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There are several ways to consider this question so what I write might 
not be completely accurate. 
You can specify in KPP the number of key players you want identified.  
You can decide the number you think is appropriate.  Generally, the 
diffusion literature has recommended that opinion leaders be in the 
10-15% range, so a network of 40 should have 4-6 leaders.  In most of 
the school-based work I've done, we generally try to create groups 5-8 
people with a leader from each group, yielding a slighly higher rate.  
If you start by assuming that a key player is required to be directly 
connected then the analysis of key players will necessarily depend on 
the network structure and the rate of key player identification will 
vary with network structure, sparser networks requiring more leaders, 
for example.  I would not advocate following this logic, however, since 
it creates challenges of implementation and replication.  (For example, 
having some networks in which leaders are assigned to 1 or 2 people.)
So, in short, I would answer the question by proposing to have key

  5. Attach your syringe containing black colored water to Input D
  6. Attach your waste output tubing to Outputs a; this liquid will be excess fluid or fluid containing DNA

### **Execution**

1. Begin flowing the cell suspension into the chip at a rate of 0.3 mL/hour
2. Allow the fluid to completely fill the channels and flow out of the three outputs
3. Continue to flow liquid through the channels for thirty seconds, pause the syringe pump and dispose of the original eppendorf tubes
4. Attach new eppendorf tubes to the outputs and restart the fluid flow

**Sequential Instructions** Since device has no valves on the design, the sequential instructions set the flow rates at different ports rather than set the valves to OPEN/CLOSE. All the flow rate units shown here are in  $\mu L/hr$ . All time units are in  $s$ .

players be 10-15% of the network.

Naja McKenzie wrote:

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>I am completing a grant application in which I diffuse an intervention through key players in an adolescent friendship network. My external reviewer, who has some, but not a great deal, of SNA experience, asked if I could estimate the ratio of key players to the size of the network. I was not able to answer that, and my hunch is one can't, because it is so dependent on the network characteristics. However, I thought I would ask the members of SocNet for any input.
>Thanks in advance!
>Naja E. McKenzie PhD, RN
>Research Associate - Postdoctoral Fellow
>Cancer Prevention and Control
>Arizona Cancer Center
>(520) 626-5363
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Thomas W. Valente, PhD
Director, Master of Public Health Program
Department of  Preventive Medicine
Keck  School of Medicine
University of Southern California
1000 S. Fremont Ave., Unit #8
Building A Room 5110		
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phone: (626) 457-4139
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My personal webpage:

The Empirical Networks Project

Evaluating Health Promotion Programs
(Oxford U. Press):

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